Khadi - the fabric of freedom
2017 marks 70 years since partition divided the Indian subcontinent into India and Pakistan. The end of British rule and the beginning of Indian independence brought about much political and social change. Mahatma Gandhi was a pivotal character during this time; a fierce advocate for independence, he is often credited with forming Swadeshi thought. The Swadeshi movement was part of the wider campaign for independence, concentrating on Indian nationalism by developing the economy.
Gandhi was a staunch believer in boycotting British goods, of which cheap fabric was a huge import. Gandhi believed that by empowering local people to weave their own fabrics and make their own clothes independence and growth of the local economy would naturally follow. Indeed, the famous image of Gandhi sitting in jail at his charkha, accompanied by the slogan “Concentrate on Charkha and Swadeshi” became a popular advertisement in the 1930s. Khadi itself became a symbol of self-sufficiency. People began describing themselves as having the ‘khadi spirit’, meaning they were capable of infinite patience. Khadi became known as the ‘fabric of freedom', now synonymous with Gandhi and Indian heritage as a whole.
Cotton khadi is a hand spun, hand-woven fabric, generally made from cotton fibre, but silk and wool khadi is also popular, as are blends of the three. Originally it had a distinct, rugged texture due to the use of organic natural fibres spun and woven in the villages. More recently khadi has become sophisticated and much appreciated by discerning fashion lovers. The weave is more refined and celebrates the delicate quality of a beautiful hand weave. Fabrics can keep one warm in the winter and cool in the summer, a welcome trait in the Indian climate.
Cotton khadi begins as natural cotton fibre, which is spun into yarn using a charkha, or a wooden spinning wheel. The yarn is then woven into fabric. Archaeological evidence of khadi production dates back to the Indus civilisation circa 2800BC, where the unearthing of bone tools for weaving and terracotta spindles suggest a flourishing textile tradition.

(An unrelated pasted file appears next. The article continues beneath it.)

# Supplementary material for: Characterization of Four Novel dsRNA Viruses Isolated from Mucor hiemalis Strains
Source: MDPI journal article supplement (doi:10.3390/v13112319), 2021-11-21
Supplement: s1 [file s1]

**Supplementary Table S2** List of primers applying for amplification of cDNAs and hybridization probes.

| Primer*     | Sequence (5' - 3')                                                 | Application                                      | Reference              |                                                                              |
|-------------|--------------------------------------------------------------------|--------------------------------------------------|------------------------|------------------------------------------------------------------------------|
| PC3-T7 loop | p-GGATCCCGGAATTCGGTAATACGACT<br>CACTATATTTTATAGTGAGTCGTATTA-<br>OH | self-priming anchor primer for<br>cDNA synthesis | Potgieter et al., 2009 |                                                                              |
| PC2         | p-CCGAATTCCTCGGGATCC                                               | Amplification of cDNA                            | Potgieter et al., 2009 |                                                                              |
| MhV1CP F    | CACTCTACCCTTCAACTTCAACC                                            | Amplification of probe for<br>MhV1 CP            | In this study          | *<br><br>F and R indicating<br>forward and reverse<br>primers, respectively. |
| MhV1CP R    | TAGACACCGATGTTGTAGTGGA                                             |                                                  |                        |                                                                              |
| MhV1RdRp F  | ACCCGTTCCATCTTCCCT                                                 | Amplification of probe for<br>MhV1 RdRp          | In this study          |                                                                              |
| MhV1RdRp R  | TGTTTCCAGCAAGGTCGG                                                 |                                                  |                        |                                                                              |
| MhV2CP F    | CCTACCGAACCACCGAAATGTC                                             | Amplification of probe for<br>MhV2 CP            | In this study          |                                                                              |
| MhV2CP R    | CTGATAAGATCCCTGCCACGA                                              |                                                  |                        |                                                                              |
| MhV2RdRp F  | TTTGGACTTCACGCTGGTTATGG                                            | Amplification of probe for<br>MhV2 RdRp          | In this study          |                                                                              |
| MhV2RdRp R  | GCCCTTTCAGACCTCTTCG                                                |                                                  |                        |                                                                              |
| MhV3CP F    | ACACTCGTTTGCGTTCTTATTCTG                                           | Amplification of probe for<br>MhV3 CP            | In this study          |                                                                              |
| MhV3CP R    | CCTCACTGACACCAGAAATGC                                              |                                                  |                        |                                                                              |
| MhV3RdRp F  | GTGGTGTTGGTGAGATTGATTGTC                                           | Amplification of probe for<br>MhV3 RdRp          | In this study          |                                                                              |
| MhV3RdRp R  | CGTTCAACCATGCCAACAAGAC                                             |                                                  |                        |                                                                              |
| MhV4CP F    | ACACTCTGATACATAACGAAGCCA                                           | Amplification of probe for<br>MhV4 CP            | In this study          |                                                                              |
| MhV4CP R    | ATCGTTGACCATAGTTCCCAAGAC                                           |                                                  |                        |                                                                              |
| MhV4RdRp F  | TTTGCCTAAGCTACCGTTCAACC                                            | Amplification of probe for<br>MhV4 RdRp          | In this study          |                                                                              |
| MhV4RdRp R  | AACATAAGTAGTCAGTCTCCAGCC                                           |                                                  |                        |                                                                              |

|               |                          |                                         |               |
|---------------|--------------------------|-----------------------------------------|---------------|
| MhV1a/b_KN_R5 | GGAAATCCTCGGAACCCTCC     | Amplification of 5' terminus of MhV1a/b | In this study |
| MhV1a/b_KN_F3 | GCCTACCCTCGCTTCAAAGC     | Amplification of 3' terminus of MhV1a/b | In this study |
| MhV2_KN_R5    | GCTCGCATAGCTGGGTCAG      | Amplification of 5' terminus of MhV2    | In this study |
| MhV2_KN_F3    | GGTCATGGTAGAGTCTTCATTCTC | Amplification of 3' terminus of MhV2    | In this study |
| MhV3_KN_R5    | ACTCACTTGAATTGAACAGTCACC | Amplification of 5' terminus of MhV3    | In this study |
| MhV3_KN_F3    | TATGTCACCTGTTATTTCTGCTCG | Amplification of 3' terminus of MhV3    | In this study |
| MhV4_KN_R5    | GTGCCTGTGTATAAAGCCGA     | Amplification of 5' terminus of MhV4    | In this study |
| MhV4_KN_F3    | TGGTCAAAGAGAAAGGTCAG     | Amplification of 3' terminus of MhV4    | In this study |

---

Trade routes at the time of Alexander the Great can be credited with the introduction of cotton khadi to Asia and Europe. The demand for hand woven muslin from the East continued to increase. Fine quality muslin yarn has the thickness 1/10 of a strand of hair, a wonder the West was yet to recreate.
The Indian fabric industry thrived unabated until the late 17th century, when England and France enacted laws to prohibit the import of chintz to protect their own mill produced fabric industries. Following this, the East India Company began monopolising the trade routes out of India. They introduced mass cotton farming and mill production, eventually flooding the market with cheap inferior materials.
The suppression of khadi continued until 1925 when the All India Spinners Association was established to propagate and produce khadi. Around this time, khadi became a tool for independence - by boycotting British made clothing and supporting local craft, Indian people were simultaneously rediscovering their heritage whilst protesting against British rule. To this day, khadi is the only fabric allowed to be used for the Indian flag.
The recovery continued. In 1957 the Khadi Villages and Industry Commission (KVIC) was created by the Indian government, executing the development of the khadi industry by fueling local village economies and providing employment to India’s independent weavers.
Khadi cotton continued its revival until the 1990s, when it was veritably reinstated as a fashion statement. In 1990, Indian designer Ritu Beri presented her first khadi collection, highlighting the fabric on the world stage.
Seventy years on from the days of partition, khadi is more relevant than ever. The natural, organic fabric has become a favourite for young Indian designers. Maku, Injiri and Eka are amongst a growing number - the low impact fibres speak to a renewed consciousness surrounding sustainability. Khadi truly is a modern, yet quintessentially Indian fabric, a symbolic reminder of India’s legacy of durable living and self-reliance.